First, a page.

• Anyone who requests hepatitis C testing, regardless of disclosure of risk.
  • Read more.

CDC’s HBV screening recommendations for adults call for:

  • One-time screening for all U.S. adults 18 years and older using a triple panel test.
  • Screening of all pregnant people during every pregnancy.
  • Testing for all persons with risk factors, with testing continued periodic testing those with ongoing risk.
  • Anyone who requests hepatitis B testing, regardless of disclosure of risk.
  • Read more.

How Can You Prevent Hepatitis B and Hepatitis C?

Hepatitis B: Vaccination is the best way to prevent all the ways that hepatitis B is transmitted. People with HIV who do not have active HBV infection should be vaccinated against it. The hepatitis B vaccine is now recommended for all infants, children and adults ages 19-59, as well as adults ages 60+ at high risk for infection. There is a 3-dose series of hepatitis B vaccine given over 6 months, and a 2-dose series given over 1 month. Additionally, there is a combination vaccine called Twinrix that protects against both hepatitis A and hepatitis B. (Find a vaccine near you.)

Hepatitis C: No vaccine exists for HCV and no effective pre- or post-exposure prophylaxis is available. Injection drug use is one of the risk factors for hepatitis C. For people who inject drugs, the best way to prevent hepatitis C infection is to always use new, sterile needles or syringes, and never reuse or share needles or syringes, water, or other drug preparation equipment. Community-based prevention programs, such as medication-assisted treatment (MAT) and syringe services programs (SSPs) provide support and services aimed at preventing and reducing the transmission of HCV. Although the risk of sexual transmission of HCV is considered to be low, avoiding unprotected sexual exposure by using condoms has been shown to reduce the chance of sexually transmitted infections.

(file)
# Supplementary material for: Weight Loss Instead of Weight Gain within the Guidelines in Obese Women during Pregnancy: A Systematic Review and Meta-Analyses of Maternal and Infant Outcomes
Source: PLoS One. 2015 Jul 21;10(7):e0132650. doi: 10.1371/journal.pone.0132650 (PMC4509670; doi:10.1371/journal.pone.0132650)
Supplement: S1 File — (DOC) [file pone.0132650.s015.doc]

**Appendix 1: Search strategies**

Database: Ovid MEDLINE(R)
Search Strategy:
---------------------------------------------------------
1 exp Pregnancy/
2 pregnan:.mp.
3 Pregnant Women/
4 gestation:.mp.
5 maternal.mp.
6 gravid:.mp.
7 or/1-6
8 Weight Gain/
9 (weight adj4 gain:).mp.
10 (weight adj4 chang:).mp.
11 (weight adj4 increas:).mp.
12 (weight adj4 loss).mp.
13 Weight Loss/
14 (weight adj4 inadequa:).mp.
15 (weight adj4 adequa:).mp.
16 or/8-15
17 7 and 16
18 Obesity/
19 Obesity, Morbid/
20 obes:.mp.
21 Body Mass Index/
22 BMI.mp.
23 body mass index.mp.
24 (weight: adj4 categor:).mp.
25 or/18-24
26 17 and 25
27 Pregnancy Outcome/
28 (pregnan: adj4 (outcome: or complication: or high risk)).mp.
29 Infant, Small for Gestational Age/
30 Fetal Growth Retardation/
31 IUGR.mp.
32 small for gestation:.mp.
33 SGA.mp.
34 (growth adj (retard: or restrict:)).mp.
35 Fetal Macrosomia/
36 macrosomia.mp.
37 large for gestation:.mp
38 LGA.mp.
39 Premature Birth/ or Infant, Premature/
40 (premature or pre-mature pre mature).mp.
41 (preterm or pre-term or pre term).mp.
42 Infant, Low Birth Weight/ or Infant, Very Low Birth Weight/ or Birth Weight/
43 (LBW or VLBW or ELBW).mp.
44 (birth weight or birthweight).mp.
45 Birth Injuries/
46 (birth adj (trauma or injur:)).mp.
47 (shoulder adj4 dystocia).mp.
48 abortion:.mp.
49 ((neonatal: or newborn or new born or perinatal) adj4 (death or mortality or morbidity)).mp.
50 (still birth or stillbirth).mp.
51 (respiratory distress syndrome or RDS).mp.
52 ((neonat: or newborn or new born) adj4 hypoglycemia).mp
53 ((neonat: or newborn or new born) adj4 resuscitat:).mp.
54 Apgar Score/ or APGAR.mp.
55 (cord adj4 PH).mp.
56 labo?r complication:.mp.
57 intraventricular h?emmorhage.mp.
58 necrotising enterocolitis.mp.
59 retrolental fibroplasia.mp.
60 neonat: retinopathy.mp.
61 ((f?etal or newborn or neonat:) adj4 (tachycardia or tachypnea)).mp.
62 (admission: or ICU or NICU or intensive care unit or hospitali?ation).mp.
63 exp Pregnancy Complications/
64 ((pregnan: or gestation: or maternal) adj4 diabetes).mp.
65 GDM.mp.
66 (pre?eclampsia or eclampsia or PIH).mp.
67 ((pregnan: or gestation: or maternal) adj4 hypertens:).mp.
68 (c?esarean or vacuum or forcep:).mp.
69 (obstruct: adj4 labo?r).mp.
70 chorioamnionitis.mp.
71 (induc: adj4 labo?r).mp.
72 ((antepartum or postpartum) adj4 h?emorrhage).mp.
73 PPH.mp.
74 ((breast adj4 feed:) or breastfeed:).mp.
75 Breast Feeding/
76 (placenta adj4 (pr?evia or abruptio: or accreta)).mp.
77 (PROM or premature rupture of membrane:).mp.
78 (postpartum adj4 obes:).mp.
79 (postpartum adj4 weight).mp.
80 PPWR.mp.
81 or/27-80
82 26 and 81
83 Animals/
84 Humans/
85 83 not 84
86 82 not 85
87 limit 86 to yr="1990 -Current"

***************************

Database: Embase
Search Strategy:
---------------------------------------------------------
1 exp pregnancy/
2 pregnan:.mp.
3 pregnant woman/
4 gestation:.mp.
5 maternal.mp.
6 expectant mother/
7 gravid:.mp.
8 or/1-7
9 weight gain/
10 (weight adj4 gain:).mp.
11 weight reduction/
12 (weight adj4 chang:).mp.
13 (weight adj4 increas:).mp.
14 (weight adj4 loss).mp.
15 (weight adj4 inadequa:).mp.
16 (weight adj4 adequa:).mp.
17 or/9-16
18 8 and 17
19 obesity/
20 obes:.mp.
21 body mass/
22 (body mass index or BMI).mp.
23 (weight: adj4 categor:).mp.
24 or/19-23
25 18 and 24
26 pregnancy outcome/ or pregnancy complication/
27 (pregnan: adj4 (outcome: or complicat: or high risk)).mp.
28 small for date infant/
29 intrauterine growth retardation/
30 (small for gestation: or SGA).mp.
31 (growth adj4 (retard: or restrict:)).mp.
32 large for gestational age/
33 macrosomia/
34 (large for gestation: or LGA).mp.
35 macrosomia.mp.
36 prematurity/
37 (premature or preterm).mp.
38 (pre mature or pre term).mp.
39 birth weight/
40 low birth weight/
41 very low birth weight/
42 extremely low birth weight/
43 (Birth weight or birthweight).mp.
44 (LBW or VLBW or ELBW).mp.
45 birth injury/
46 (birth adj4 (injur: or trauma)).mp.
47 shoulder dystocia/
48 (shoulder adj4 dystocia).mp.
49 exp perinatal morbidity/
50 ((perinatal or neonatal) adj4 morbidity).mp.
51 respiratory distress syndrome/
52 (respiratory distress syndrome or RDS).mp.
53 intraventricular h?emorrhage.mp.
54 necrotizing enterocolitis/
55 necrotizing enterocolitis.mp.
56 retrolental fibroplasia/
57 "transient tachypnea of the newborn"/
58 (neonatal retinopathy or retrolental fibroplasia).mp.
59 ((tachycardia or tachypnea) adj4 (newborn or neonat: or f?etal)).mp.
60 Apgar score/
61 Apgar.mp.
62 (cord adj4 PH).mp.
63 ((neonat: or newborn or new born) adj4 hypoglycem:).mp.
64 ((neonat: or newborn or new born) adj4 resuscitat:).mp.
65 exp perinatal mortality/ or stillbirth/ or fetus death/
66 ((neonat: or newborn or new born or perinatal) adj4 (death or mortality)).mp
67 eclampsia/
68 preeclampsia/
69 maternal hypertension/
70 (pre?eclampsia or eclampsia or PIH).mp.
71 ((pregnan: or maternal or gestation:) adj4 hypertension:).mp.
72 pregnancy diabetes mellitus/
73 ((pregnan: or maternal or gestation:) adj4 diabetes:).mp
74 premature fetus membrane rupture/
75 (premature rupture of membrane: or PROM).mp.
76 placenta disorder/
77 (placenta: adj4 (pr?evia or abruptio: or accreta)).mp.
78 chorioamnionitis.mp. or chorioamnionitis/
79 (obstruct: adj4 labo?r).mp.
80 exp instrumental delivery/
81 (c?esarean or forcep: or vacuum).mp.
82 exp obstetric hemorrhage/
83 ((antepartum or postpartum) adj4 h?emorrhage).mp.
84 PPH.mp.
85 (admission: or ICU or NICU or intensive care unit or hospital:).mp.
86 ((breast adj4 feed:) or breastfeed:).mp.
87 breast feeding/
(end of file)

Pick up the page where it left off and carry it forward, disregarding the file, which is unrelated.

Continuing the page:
Treatment for HIV-Hepatitis Coinfections

HIV-HBV and HIV-HCV coinfections can be effectively treated in most people. But medical treatment can be complex, and people with coinfection should look for health care providers with expertise in the management of both HIV infection and viral hepatitis.

Hepatitis B: For hepatitis B, treatment can delay or limit liver damage by suppressing the virus. Like treatment for HIV, hepatitis B treatment may need to be taken for the rest of your life. Some HIV medications can also treat hepatitis B. If you are diagnosed with hepatitis B, your health care provider will go over which treatment regimen is best for you.

Hepatitis C: Hepatitis C is a curable disease. Left untreated, it can cause severe liver damage, liver cancer, or death. However, new treatments for hepatitis C have been approved in recent years. These direct-acting antiviral treatments are much better than the previously available treatment because they have few side effects and do not need to be injected. These treatments for HCV infection cure about 97% of people, including those living with HIV, with just 8-12 weeks of oral therapy (pills).

Learn more about Viral Hepatitis on HHS.gov.